WASHINGTON - Any early-morning rain outside the Pentagon brings a curious sight.
Air Force and Navy officers stroll in from the far reaches of the Pentagon's vast parking lots, carrying umbrellas.
Army generals disembarking from staff cars are met with umbrella-toting aides who shelter the generals as they splash through the puddles.
Army soldiers and officers below the rank of general sprint with gritted teeth through the rain, bursting in through the doors soaking wet, their service ribbons bleeding dye onto their uniform shirts, their trouser creases long gone - and mad as a bunch of wet hens.
If you're in the Army you're not allowed to carry an umbrella, under current and long-standing regulations - at least if you're a man. Army women are allowed to hoist black umbrellas.
In the Air Force and Navy, both men and women can use umbrellas. The Marines' policy is the same as the Army's - women, but not men, can use them - but the Marines apparently like it that way.
The Army's prohibition against men carrying umbrellas goes back so far in history that nobody remembers why the rule was issued in the first place.
Doesn't matter. It's "the rules."
Of course, the Army issues each soldier a raincoat. Anyone with military experience will understand that the Army builds good tanks, but not good raincoats.
So a revolutionary proposal to allow male soldiers to carry umbrellas sprouted last October in the basement of the Pentagon and made its way to the Army's personnel chief, Lt. Gen. Frederick Vollrath.
The idea is that men wearing dress or regular office uniforms would be authorized to use their own umbrellas. Black only, of course. Troops wearing fatigues out in the field would get wet, as always.
The author of the proposal, Army Col. Vickie Longenecker, is steamed up about the no-umbrella regulation not just because of its illogic, but because it unfairly singles out women.
Longenecker, the Army's director of human resources, said she tried to get the Army's top general, Chief of Staff Dennis Reimer, to explain the logic of the regulation, "but he wouldn't do it. There is no logic," she said.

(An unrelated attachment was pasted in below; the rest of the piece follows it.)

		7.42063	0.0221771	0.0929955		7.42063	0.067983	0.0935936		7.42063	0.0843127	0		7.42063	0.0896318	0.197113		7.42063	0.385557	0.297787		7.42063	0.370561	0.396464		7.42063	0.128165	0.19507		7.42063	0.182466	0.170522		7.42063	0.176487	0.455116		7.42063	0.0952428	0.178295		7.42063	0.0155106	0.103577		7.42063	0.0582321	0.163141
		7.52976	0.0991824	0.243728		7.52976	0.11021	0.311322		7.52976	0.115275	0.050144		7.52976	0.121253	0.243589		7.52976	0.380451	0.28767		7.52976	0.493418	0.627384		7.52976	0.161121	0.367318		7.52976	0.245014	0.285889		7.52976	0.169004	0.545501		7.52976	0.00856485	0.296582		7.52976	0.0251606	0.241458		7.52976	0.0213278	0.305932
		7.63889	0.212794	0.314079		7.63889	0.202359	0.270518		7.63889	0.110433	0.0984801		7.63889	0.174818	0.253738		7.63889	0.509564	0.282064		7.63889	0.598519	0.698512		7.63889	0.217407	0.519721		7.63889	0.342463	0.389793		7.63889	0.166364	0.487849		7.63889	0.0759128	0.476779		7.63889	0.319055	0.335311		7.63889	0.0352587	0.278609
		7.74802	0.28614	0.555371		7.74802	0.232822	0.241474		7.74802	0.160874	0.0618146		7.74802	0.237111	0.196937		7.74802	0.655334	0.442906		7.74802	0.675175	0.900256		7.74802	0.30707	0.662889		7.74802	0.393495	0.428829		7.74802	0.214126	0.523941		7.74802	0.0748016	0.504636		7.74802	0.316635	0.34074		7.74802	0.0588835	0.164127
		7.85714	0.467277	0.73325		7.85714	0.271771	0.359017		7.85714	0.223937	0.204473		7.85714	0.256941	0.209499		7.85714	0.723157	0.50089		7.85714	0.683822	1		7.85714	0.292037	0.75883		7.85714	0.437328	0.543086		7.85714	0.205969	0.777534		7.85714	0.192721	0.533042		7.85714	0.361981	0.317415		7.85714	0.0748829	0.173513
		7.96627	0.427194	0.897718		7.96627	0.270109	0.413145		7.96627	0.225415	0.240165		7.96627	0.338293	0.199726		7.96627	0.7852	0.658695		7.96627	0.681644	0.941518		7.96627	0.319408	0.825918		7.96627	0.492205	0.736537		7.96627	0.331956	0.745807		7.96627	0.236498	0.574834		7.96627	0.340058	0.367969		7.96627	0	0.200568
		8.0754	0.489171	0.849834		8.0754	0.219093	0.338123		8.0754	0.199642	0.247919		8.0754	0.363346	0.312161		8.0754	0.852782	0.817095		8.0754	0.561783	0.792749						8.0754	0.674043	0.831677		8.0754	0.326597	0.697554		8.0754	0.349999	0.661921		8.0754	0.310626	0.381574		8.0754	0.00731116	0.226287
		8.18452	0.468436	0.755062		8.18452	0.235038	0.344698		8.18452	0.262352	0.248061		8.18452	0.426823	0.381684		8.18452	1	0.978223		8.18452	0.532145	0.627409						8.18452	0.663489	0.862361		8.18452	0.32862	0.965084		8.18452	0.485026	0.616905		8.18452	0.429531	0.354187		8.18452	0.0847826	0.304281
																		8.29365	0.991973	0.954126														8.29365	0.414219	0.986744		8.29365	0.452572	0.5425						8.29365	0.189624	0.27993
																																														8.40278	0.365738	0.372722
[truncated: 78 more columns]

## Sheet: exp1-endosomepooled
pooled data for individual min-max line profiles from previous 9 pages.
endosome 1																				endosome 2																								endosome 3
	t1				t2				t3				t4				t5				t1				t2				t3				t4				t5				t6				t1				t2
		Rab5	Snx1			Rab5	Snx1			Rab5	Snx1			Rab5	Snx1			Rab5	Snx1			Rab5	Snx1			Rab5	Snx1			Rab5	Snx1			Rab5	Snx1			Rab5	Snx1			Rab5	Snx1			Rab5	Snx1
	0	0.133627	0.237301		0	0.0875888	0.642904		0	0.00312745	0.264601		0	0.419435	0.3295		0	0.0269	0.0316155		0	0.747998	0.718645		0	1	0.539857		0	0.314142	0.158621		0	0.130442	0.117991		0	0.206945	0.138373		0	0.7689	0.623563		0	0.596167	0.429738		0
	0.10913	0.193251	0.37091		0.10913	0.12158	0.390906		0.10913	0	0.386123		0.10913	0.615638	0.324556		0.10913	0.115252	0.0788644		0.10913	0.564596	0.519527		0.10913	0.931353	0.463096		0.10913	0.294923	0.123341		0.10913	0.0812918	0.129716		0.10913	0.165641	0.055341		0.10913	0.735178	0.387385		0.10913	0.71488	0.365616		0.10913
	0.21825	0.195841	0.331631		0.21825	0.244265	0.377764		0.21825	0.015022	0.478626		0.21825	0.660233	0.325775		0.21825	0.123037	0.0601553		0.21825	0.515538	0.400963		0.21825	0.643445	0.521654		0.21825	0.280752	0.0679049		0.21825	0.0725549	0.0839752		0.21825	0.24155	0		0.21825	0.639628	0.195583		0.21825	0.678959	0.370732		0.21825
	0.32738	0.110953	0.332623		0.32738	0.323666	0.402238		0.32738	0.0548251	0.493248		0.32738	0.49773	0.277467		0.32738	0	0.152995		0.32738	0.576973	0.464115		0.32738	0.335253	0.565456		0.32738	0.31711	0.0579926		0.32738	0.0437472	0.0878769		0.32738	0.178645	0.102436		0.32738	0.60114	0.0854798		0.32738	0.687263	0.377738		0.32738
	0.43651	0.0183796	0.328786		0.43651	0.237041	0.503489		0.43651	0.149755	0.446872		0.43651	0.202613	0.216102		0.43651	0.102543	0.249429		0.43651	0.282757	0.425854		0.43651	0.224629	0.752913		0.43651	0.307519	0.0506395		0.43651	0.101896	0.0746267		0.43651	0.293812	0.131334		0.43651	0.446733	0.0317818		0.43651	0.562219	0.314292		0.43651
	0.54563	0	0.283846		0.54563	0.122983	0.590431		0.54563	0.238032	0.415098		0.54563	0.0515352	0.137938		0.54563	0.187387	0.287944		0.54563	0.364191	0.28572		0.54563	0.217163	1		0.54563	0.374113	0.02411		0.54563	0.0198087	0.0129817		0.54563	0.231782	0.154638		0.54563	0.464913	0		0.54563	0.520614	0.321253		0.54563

In an official statement, Reimer said: "The (anti-umbrella) regulation is clear, and we follow regulations in the Army."
That kind of "because I said so" answer hasn't gone down well in the ranks. Army staff officers believe the majority of soldiers, from privates to three-star generals, see nothing unmanly about carrying an umbrella.
"Air Force and Navy guys don't get wet. We do," says an Army lieutenant colonel who works in the Pentagon. "It's stupid."
Reimer, who could make the change with a stroke of a pen, remains unmoved. When pressed, he changes the subject.
"Given all of the other challenges we have ongoing, I don't think this is the time to address this issue," he said in response to questions posed by Army Times, an independent weekly newspaper that champions soldiers' welfare.
Why such resistance?
"Nobody wants to go down in history as the `umbrella general,' " a senior officer explained.
Meanwhile, the controversy, which was stoked by a May 5 Army Times story skewering the Army for its umbrella policy, seems to be growing.
Enith Hickman, the Times' letters editor, said she got more mail on umbrellas than on any other issue in memory, and 90 percent of it was in favor of allowing men to use umbrellas.
In one letter, an officer recounted struggling through a storm on his way to Secret Service headquarters in downtown Washington.
Sheepishly explaining the Army's no-umbrella policy as he stood dripping in the hallway, he was asked by a Secret Service officer:
"How can you be trusted to defend the country if you're too dumb to carry an umbrella?"
Wrote Pfc. Dave Matthews, of Fort Bragg, N.C.: "If I were a civilian and had a son, I would not say, `Hey, son, see that soldier standing in the rain? I want you to grow up and be like that!' Instead, I would say, `Hey, son, see that wet soldier? He's a dork!' "